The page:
Tenor saxophonist Fred Anderson and percussionist Hamid Drake have just brought a capacity Lisbon, Portugal, crowd to its feet after an exhilarating hour-plus exchange at the 2002 Jazz em Agosto festival. The organic flow of materials was frictionless, cresting and ebbing with an ease reflecting their decades-long association. As the set unfolded, Anderson’s trademark crouch, which signifies his entrance into a zone of streaming creativity, became more pronounced, lasting for prolonged stretches that would test the stamina of a man half his age.
Anderson, the septuagenarian co-founder of the AACM, holds out his tenor in an offering gesture, which incites the audience to another wave of cheers. Drake stands next to him, beaming, with one hand on Anderson’s shoulder. They nod to each other and, suddenly, Drake goes to the chair on which his frame drum leans; this suggests another encore, given that the quietly indefatigable Anderson seems constitutionally incapable of quitting if he has one more in him. Instead, Drake picks up the mike, bringing an instant silence to the hall.
“I’d like to dedicate this concert to Fred Anderson,” Drake begins. “Since my parents passed, Fred is the one person I’ve known for as long as I can remember. Without Fred, I wouldn’t be here playing the drums right now.” Even the non-English speakers knew something heavy was said, as the raucousness was conspicuously absent in the applause upon their exit.
What made the homage especially poignant was that it was Hamid Drake’s 47th birthday.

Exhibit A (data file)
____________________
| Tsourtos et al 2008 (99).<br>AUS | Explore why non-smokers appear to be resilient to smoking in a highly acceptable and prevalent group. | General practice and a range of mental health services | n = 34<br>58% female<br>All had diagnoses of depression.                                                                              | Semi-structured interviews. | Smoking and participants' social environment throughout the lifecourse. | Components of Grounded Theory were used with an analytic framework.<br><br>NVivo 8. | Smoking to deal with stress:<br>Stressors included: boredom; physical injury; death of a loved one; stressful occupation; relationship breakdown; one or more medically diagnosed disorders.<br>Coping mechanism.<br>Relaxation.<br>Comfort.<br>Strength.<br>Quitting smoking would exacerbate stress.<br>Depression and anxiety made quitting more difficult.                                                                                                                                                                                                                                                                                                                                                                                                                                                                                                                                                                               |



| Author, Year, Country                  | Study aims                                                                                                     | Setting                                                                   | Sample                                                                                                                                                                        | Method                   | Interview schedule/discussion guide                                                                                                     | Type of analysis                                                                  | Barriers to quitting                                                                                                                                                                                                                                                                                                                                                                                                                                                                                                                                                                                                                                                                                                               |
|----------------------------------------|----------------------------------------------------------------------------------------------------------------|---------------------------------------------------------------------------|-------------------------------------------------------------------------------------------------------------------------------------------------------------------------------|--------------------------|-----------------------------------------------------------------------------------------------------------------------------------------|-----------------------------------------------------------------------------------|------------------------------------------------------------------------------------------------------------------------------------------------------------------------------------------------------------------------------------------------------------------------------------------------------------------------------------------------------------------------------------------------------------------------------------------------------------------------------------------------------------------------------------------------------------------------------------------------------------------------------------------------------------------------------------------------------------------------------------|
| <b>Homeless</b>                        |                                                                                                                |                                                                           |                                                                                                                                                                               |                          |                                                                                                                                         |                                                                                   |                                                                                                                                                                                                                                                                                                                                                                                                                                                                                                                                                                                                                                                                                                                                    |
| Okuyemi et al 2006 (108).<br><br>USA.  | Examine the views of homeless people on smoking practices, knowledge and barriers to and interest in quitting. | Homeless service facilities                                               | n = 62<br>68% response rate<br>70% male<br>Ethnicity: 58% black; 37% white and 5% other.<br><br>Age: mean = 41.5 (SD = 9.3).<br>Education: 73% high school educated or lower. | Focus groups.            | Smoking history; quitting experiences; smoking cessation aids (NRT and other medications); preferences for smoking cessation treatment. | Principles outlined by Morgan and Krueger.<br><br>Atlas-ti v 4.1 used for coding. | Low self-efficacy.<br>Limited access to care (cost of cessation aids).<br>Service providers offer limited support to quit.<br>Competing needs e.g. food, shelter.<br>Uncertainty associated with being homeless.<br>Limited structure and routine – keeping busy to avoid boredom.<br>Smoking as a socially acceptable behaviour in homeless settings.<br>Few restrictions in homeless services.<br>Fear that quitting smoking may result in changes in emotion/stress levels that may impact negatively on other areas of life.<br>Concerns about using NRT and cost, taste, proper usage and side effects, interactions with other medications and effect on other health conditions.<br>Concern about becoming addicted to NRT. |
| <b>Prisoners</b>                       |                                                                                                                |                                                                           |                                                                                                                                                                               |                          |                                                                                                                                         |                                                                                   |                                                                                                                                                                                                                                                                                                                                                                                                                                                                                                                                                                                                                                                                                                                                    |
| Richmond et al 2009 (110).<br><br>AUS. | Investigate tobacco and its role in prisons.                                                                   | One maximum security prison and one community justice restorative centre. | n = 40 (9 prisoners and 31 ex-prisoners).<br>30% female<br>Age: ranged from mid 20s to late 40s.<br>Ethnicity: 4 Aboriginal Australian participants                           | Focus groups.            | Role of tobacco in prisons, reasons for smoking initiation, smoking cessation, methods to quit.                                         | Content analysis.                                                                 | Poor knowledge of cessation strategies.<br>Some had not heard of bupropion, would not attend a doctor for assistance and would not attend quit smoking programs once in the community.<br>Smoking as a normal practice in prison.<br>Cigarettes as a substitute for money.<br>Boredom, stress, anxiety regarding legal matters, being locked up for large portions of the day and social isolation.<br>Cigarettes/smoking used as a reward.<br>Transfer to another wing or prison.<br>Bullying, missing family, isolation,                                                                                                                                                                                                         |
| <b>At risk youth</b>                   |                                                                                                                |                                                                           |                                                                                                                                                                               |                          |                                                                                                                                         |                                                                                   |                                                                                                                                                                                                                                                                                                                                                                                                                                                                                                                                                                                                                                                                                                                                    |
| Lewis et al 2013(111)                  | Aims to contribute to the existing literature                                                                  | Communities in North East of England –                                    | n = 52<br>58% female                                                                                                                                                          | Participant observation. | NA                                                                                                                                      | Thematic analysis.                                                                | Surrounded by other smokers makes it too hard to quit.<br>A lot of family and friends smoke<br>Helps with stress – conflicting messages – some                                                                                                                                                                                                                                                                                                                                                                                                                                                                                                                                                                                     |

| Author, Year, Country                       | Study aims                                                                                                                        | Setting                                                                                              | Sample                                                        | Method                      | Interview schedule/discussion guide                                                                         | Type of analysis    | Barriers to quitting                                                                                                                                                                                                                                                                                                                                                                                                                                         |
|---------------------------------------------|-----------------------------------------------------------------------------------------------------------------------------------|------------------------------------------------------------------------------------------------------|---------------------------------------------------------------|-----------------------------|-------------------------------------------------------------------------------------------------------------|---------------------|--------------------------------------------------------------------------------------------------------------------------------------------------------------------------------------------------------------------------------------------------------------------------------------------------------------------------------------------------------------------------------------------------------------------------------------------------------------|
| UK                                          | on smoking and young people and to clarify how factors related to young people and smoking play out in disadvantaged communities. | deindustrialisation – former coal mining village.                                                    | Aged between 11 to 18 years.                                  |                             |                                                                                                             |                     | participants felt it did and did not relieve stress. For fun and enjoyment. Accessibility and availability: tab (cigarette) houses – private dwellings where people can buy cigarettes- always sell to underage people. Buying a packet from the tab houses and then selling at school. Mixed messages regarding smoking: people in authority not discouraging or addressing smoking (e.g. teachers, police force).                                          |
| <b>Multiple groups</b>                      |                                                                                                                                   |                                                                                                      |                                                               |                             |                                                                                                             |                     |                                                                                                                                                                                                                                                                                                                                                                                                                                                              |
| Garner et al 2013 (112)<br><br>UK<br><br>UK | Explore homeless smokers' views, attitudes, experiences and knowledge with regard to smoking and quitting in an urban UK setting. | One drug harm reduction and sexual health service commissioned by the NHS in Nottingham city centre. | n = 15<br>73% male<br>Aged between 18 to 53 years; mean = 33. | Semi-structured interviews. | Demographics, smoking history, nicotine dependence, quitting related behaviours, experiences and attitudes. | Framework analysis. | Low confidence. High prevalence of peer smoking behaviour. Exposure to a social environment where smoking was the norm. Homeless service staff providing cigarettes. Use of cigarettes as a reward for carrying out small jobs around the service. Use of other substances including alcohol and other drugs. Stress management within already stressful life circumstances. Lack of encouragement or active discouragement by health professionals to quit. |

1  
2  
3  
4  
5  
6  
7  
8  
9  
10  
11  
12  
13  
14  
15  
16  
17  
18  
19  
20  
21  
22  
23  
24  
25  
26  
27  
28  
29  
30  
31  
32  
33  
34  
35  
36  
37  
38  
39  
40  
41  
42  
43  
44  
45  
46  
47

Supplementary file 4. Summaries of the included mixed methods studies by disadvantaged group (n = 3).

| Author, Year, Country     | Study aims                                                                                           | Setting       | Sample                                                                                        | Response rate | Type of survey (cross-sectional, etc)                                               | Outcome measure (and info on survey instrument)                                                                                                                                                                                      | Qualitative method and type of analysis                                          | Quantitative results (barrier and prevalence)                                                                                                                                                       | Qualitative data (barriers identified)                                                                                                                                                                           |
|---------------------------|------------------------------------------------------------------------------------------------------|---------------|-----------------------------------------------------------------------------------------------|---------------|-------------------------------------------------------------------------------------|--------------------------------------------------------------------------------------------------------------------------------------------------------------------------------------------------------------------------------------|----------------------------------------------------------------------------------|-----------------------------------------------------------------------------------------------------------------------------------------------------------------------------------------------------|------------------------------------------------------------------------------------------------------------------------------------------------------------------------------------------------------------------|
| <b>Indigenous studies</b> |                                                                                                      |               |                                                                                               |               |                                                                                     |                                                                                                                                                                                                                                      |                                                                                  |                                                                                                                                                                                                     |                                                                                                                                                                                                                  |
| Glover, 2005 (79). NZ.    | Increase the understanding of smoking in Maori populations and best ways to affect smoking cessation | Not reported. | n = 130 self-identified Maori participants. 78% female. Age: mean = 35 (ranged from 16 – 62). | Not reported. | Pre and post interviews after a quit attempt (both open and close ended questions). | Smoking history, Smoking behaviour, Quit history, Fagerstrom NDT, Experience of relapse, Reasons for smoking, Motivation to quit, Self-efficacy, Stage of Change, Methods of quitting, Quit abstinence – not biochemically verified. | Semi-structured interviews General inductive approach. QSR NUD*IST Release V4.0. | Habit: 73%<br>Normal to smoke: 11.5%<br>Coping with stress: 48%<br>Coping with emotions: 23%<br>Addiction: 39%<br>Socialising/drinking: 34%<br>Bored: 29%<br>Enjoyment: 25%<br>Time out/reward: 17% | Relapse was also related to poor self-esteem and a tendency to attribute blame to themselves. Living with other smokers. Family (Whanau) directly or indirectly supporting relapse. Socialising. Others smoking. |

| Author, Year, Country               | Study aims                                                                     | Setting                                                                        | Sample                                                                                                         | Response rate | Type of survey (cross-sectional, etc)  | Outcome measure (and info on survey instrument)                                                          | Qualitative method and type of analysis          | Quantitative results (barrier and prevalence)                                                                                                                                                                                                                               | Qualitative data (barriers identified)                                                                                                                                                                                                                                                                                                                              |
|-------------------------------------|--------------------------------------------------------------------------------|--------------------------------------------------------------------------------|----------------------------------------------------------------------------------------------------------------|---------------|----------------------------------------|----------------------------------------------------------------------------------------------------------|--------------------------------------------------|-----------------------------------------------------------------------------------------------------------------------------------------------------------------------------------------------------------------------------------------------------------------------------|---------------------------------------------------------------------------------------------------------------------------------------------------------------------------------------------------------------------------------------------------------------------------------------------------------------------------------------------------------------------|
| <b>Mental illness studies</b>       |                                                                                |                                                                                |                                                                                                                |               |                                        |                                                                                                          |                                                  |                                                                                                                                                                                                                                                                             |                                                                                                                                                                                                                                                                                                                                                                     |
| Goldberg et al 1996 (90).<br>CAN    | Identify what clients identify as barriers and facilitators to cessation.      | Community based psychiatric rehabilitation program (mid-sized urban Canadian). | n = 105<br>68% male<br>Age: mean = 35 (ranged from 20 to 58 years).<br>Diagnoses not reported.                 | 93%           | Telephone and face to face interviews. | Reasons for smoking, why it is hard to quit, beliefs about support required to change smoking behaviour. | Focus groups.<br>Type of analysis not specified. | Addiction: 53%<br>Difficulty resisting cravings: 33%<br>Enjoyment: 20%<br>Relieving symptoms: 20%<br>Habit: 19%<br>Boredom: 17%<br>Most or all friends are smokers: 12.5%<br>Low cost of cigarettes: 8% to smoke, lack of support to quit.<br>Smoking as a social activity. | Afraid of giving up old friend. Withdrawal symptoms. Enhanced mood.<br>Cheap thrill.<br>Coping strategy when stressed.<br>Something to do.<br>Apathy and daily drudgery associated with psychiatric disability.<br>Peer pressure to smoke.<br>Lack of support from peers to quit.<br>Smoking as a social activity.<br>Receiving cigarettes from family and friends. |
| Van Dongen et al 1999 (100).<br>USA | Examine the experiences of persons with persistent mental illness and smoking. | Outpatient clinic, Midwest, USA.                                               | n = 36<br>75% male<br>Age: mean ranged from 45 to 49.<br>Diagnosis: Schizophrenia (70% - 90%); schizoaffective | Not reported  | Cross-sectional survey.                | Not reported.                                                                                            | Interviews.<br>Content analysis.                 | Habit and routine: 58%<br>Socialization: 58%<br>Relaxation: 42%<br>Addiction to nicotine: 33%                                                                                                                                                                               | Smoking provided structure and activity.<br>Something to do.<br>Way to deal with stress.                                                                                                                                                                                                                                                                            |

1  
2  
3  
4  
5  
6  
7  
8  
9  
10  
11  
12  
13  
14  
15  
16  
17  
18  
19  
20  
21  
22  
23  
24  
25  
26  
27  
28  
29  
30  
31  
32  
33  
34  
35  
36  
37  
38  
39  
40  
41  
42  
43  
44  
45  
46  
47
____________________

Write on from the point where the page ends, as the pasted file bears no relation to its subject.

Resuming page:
Musicians become ubiquitous by various means. Sometimes it is the result of strategic planning, rotating projects and synchronizing tours and CD releases. Sometimes it’s a fluke, being at the right place at the right time playing the right thing, the proverbial beating of a butterfly’s wings that creates a tidal wave of media and marketing. Hamid Drake, however, has ambled into ubiquity, taking a circuitous route through traditional African and Indian music, R&B, reggae and various stripes of jazz for more than 25 years. Every step along the way, he has pursued a functional approach to percussion that, in placing the music of a Fred Anderson in its brightest possible light, honors the spirit and sense of community connecting jazz to traditional music worldwide. In this regard, Drake’s art has an aspect of duty about it, so it’s no surprise that, at the moment when the drummer himself should be toasted, he praises an elder who has shaped his life.
Still, it is the resurgence of free jazz and improvised music in the U.S. that has precipitated Drake’s current stature.